Webber (at the time of writing, 1998) is President of the Institute for Worship Studies and Professor of Theology at Wheaton College. It is becoming less and less surprising that outspoken praise for ecumenicity and criticism of traditional Fundamentalism as well as Evangelicalism (even of Reformation theology) should come from Wheaton. Webber’s thesis is that worship can be either traditional (meaning liturgical), contemporary or blended (a combination of the other two). He believes that all three forms of worship are actually doing the same thing. I found him anti-expository preaching (102, 122), anti-Reformation (136, 150), anti-memorial nature of communion (136), and yet pro-Catholic (150, 183), pro-Book of Common Prayer (30, 138), pro-dance, Taize, anointing oil, con or transubstantiation, icons, etc. Disappointing to say the least.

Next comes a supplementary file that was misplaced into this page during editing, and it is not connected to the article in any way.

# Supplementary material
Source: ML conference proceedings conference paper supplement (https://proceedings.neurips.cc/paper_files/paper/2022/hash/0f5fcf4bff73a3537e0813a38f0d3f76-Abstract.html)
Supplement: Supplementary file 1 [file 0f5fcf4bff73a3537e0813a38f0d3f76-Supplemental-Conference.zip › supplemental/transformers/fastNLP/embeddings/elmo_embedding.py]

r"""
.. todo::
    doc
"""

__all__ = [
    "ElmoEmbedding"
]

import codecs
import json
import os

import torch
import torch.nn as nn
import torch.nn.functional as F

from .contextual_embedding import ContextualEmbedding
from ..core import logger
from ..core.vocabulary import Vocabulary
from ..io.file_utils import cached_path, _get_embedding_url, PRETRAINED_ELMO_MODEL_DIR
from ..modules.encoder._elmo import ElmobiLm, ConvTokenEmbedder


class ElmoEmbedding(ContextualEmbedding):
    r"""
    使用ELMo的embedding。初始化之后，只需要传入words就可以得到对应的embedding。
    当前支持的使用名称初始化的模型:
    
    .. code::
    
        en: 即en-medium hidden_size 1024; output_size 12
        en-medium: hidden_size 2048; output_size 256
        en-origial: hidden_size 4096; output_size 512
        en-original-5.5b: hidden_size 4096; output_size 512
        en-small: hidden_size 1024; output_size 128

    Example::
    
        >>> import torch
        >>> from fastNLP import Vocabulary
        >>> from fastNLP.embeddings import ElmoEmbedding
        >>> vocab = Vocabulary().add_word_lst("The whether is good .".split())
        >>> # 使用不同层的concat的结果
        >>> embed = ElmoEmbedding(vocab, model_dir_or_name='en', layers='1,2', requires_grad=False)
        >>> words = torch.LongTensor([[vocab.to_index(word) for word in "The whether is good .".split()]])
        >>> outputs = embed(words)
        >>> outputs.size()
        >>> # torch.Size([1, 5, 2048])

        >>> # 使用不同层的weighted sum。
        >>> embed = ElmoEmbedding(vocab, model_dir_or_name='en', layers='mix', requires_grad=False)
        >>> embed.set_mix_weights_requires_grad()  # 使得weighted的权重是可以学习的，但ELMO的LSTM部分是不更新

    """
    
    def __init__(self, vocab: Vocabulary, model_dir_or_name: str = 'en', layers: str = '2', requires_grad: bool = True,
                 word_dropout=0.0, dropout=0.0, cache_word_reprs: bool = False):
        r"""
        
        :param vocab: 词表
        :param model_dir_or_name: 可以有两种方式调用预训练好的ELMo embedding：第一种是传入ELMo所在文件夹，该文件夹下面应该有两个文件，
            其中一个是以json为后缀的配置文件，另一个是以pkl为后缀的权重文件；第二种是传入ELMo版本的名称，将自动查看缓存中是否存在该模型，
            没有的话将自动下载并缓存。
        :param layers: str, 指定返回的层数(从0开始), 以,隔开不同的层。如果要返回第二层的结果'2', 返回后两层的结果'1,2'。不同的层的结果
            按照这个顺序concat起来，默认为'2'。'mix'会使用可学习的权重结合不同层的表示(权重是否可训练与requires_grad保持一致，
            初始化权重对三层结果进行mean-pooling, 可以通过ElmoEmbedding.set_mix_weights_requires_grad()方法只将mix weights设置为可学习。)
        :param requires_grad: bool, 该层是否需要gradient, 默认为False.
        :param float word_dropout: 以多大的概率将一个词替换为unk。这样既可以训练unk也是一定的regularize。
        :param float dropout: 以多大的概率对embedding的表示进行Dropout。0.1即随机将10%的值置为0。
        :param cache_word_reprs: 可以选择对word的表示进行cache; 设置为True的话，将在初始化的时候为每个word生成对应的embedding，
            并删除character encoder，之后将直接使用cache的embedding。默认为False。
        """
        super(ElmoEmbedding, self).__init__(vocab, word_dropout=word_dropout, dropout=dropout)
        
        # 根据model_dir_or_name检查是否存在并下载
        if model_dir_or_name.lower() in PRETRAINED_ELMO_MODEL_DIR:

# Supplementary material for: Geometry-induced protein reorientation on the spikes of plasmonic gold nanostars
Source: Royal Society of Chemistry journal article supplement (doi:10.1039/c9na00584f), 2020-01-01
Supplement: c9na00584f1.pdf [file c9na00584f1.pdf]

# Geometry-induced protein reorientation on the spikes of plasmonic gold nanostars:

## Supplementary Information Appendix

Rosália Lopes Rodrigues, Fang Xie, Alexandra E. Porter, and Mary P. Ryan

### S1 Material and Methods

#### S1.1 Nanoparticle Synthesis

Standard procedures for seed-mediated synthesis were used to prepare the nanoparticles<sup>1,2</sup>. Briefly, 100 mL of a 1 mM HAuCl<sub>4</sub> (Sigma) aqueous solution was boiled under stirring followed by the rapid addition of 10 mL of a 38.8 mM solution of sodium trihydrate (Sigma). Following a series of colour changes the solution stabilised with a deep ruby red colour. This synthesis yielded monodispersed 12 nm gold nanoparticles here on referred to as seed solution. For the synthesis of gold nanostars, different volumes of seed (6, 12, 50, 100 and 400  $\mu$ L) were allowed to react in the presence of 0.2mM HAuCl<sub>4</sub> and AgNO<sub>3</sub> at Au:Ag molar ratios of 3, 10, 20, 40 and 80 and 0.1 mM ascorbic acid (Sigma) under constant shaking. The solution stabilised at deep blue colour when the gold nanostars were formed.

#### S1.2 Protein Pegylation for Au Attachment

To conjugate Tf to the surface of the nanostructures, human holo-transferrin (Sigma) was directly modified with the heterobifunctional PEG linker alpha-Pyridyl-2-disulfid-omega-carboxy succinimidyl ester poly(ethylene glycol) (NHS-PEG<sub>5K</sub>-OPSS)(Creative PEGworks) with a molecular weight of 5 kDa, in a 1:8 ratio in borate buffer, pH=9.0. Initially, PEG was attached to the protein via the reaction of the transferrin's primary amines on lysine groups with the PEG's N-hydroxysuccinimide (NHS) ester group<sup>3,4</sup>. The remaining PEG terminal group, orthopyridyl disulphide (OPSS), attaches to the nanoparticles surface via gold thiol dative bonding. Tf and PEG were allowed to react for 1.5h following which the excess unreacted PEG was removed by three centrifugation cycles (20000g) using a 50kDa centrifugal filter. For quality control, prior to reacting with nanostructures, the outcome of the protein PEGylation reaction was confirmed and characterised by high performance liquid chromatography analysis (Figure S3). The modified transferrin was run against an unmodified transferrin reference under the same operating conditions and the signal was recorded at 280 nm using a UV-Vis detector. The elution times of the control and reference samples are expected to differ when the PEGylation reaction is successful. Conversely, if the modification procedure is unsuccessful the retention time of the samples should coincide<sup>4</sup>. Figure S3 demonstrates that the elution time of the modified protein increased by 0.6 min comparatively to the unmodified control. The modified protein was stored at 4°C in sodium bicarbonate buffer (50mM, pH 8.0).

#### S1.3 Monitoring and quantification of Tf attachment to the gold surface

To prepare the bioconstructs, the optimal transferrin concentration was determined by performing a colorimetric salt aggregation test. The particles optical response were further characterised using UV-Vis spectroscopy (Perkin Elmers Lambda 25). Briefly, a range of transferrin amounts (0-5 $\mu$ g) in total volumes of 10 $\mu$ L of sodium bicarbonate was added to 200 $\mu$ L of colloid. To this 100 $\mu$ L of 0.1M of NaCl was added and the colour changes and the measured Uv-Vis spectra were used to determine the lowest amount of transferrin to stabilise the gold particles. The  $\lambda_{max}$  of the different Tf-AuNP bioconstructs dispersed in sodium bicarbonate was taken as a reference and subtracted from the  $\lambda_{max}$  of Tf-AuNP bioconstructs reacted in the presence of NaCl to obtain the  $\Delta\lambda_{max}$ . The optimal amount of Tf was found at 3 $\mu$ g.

John Wilber ChapmanOctober 1, 2018
In Hymns & Songs By Terry L. Conley “Our Great Savior” Dr. John Wilbur Chapman (June 1859 – December 1918) Chapman was born in Richmond, Indiana. In his youth he attended a Quaker First Day School on Sunday mornings and the Grace Methodist Church Sunday School in the afternoons. When he was seventeen […]
In Hymns & SongsAugust 31, 2017
The first hymn book and hymn writers in America were from England. The hymn book which landed with the Pilgrims in 1620 was Reverend Henry Ainsworth’s version of the Book of Psalms entitled The Book of Psalms: Englished both in Prose and Metre with Annotations, published in 1612 at Amsterdam. It is considered by many […]
The God Who SpeaksAugust 2, 2014
“God, who at sundry times and in divers manners spake in time past unto the fathers by the prophets, hath in these last days spoken unto us by his Son, whom he hath appointed heir of all things, by whom also he made the worlds” Hebrews 1:1-2 America is quickly leaving a word-based society […]